The IMF’s baseline forecasts assume that the financial instability sparked by the collapse of Silicon Valley Bank last month has been broadly contained by the “forceful actions” of regulators on both sides of the Atlantic, Gourinchas told reporters.
But he added that central banks and policymakers have an important role to play to buttress financial stability going forward.
Poor productivity weighs on medium-term outlook
Looking forward, the IMF forecasts that global growth will fall to 3% in 2028, its lowest medium-term forecast since the 1990s.
Slowing population growth and the end of the era of economic catch-up by several countries including China and South Korea are a large part of the expected slowdown, as are concerns about low productivity in many countries, according to Daniel Leigh, who heads the World Economic Studies division in the IMF’s Research Department.
“A lot of the low-hanging fruit was picked,” he told reporters ahead of the publication of the World Economic Outlook.
“On top of that now, with the geopolitical tensions and fragmentation, this is going to also weigh on growth,” he said.
Chinese power plants using inferior coal: Nepra
- Coal power plants pledged to utilise coal with 6000 CVs.
- But they’re importing coal with CVs ranging from 4500-5500.
- Not a single imported consignment meets required standards.
ISLAMABAD: The National Electric Power Regulatory Authority (Nepra) has exposed Chinese coal-fired power plants for using lower-quality imported coal, despite their pledge to use coal with a calorific value of 6,000 (CVs).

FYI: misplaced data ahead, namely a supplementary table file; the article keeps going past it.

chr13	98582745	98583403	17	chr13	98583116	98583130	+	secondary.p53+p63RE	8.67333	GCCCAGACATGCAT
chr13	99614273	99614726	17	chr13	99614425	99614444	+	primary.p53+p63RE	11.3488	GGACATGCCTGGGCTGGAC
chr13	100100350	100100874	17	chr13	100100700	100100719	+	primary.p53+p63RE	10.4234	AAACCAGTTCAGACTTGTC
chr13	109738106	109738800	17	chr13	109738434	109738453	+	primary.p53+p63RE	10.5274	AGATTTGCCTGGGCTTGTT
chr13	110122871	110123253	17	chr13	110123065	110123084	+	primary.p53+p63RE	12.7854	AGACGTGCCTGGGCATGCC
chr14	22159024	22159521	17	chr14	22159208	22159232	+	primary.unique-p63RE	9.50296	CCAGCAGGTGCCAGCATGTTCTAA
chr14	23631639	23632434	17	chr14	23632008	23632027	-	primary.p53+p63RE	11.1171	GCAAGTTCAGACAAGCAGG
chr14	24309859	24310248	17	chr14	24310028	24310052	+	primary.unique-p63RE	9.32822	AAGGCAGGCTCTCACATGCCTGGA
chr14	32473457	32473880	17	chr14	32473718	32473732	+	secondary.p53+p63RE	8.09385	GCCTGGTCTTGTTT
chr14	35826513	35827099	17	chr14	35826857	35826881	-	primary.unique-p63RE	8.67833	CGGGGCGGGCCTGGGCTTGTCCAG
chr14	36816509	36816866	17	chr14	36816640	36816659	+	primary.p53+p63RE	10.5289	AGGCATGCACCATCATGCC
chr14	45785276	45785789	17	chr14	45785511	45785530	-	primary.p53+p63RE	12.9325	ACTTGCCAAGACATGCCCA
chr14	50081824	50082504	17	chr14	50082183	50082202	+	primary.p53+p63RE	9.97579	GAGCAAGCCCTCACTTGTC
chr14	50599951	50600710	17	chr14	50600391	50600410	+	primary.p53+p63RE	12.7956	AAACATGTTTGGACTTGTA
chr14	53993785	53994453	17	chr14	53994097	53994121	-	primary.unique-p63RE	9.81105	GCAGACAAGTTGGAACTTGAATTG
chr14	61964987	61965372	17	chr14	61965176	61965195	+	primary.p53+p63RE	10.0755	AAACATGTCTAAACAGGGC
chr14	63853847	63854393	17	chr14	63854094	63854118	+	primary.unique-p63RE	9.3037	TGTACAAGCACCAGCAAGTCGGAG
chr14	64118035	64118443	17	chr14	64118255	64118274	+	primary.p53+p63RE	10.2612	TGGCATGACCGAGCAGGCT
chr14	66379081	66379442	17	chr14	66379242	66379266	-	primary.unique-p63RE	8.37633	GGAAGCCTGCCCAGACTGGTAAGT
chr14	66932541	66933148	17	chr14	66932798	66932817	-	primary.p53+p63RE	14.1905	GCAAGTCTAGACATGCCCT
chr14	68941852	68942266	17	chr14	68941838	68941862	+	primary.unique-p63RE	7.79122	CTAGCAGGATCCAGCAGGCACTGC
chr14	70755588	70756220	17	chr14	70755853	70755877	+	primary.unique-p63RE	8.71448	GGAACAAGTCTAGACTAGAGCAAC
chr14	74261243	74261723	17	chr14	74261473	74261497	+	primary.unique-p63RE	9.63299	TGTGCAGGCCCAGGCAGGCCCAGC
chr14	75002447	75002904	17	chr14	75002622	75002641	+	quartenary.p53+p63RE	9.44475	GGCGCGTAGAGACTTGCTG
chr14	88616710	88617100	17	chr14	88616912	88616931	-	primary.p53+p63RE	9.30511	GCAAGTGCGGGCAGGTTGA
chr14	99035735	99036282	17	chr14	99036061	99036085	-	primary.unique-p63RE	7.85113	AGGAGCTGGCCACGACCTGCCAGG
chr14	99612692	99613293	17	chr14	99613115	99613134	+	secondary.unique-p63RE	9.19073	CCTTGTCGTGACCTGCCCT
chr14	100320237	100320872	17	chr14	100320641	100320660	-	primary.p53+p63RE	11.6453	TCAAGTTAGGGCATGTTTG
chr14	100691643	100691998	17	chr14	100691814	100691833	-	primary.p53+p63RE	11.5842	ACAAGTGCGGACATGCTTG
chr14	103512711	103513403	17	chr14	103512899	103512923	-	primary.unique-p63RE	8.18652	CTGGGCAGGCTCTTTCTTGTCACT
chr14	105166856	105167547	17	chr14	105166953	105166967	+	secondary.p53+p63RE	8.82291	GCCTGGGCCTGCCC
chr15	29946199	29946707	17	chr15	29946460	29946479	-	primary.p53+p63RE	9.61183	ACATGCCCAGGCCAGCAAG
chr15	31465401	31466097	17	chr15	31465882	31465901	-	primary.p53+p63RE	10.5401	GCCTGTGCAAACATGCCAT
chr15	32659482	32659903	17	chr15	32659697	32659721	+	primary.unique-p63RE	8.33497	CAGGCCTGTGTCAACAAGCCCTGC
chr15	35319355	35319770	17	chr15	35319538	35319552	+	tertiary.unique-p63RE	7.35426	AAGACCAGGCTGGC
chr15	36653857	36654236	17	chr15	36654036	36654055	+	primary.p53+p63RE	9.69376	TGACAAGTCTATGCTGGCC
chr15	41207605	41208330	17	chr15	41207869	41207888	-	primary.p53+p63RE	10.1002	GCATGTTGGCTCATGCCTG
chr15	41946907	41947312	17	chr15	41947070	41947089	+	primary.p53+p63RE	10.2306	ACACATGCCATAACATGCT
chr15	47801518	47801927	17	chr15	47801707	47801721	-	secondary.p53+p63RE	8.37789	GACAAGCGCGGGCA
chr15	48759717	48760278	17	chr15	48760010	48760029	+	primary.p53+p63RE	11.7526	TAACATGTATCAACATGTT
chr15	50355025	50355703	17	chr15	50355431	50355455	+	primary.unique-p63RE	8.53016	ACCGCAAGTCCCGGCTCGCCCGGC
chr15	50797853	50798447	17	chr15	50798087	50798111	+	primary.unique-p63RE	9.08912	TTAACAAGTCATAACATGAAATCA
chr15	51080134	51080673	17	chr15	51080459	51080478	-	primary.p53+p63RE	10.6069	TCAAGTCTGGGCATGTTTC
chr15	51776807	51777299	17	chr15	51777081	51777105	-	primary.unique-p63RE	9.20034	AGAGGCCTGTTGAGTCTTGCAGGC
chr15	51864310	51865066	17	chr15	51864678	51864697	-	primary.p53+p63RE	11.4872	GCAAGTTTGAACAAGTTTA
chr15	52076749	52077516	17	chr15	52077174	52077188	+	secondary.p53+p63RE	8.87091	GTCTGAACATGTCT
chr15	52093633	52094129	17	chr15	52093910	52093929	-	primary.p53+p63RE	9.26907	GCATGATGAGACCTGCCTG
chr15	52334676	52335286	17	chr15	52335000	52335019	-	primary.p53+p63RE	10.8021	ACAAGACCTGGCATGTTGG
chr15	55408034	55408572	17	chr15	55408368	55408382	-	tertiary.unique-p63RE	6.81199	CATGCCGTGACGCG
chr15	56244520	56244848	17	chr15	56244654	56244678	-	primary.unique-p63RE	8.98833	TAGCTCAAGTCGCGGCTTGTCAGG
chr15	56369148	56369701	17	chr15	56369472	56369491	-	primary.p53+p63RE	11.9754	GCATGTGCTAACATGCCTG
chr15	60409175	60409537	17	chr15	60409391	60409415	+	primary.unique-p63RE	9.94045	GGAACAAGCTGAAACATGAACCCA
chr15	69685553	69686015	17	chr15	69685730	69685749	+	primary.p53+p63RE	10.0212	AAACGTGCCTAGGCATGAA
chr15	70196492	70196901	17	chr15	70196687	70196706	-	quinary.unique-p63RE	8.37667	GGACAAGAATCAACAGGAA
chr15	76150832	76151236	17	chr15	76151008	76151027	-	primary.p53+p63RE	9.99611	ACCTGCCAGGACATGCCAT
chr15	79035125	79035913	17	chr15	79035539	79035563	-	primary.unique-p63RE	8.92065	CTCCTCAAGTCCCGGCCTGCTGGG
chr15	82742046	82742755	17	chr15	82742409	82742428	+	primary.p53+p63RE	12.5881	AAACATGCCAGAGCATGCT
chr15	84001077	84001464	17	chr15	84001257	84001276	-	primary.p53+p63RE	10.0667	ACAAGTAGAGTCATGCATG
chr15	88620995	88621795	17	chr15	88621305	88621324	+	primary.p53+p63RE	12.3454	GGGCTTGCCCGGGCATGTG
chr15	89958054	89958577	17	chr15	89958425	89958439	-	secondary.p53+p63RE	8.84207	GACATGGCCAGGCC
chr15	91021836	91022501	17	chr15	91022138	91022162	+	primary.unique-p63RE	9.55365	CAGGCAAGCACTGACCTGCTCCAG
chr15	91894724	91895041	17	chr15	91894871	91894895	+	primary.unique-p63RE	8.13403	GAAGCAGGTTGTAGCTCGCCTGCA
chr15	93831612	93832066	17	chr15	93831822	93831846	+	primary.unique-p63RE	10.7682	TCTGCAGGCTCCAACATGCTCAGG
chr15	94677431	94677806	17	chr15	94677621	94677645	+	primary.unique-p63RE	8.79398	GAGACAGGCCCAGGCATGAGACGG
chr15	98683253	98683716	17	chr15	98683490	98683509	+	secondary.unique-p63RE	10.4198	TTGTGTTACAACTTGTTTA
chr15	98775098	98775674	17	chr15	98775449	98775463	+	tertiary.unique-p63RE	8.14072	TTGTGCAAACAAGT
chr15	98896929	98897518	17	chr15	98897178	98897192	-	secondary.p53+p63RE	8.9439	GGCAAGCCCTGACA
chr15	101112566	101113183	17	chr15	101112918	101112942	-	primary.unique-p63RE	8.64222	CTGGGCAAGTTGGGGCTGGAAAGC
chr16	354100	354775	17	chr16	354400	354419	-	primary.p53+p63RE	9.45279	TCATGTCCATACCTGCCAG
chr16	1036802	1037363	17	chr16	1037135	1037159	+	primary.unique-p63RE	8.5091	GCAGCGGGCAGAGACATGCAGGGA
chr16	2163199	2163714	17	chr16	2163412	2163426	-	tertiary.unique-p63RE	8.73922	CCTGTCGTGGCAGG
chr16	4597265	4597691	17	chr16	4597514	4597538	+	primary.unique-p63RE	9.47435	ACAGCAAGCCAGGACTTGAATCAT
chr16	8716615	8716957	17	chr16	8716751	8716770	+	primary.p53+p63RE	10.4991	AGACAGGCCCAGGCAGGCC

Not a single imported consignment meets the required standards and still they claim multi-billion rupees of capacity payments that are being collected from the public.
This revelation came to light during a public hearing conducted by Nepra on Thursday to review the existing mechanism, last revised in 2016.
The mechanism is based on a fixed benchmark weightage of different coal origins and heat values, originally approved by Nepra in June 2014 as part of the determination of coal upfront tariffs.
Nepra Chairman Waseem Mukhtar headed the proceedings while the authority’s members — including Mathar Niaz Rana (member Balochistan), Maqsood Anwar Khan (KP), Amina Ahmed (Punjab), and Rafique Ahmad Shaikh (Sindh) — were in presence.
It is important to mention that the coal-based current derated installed capacity is 6,777MW (foreign-funded on imported coal), with an outstanding capacity payment of a substantial Rs643 billion.
While citing documents, a Nepra member said: “Your documents say that you imported lower quality coal against what was promised in the agreements.”
Notably, the Sahiwal Coal Power Project, now known as Huaneng Shandong Ruyi (Pakistan) Energy (Limited), disclosed that it had imported multi-thousand tons of coal in July 2022 when prices were high, at a rate of Rs70,000 per ton ($380).
In response, a Nepra member remarked: “You claim capacity payment, but you don’t use costly coal.”
The disclosure unveiled that these coal-based power plants had pledged to utilise coal with a calorific value of 6000 (CVs) but had been importing coal with CVs ranging from 4500 to 5500.
Consequently, they were employing substandard coal while billing customers for the price of higher-quality coal.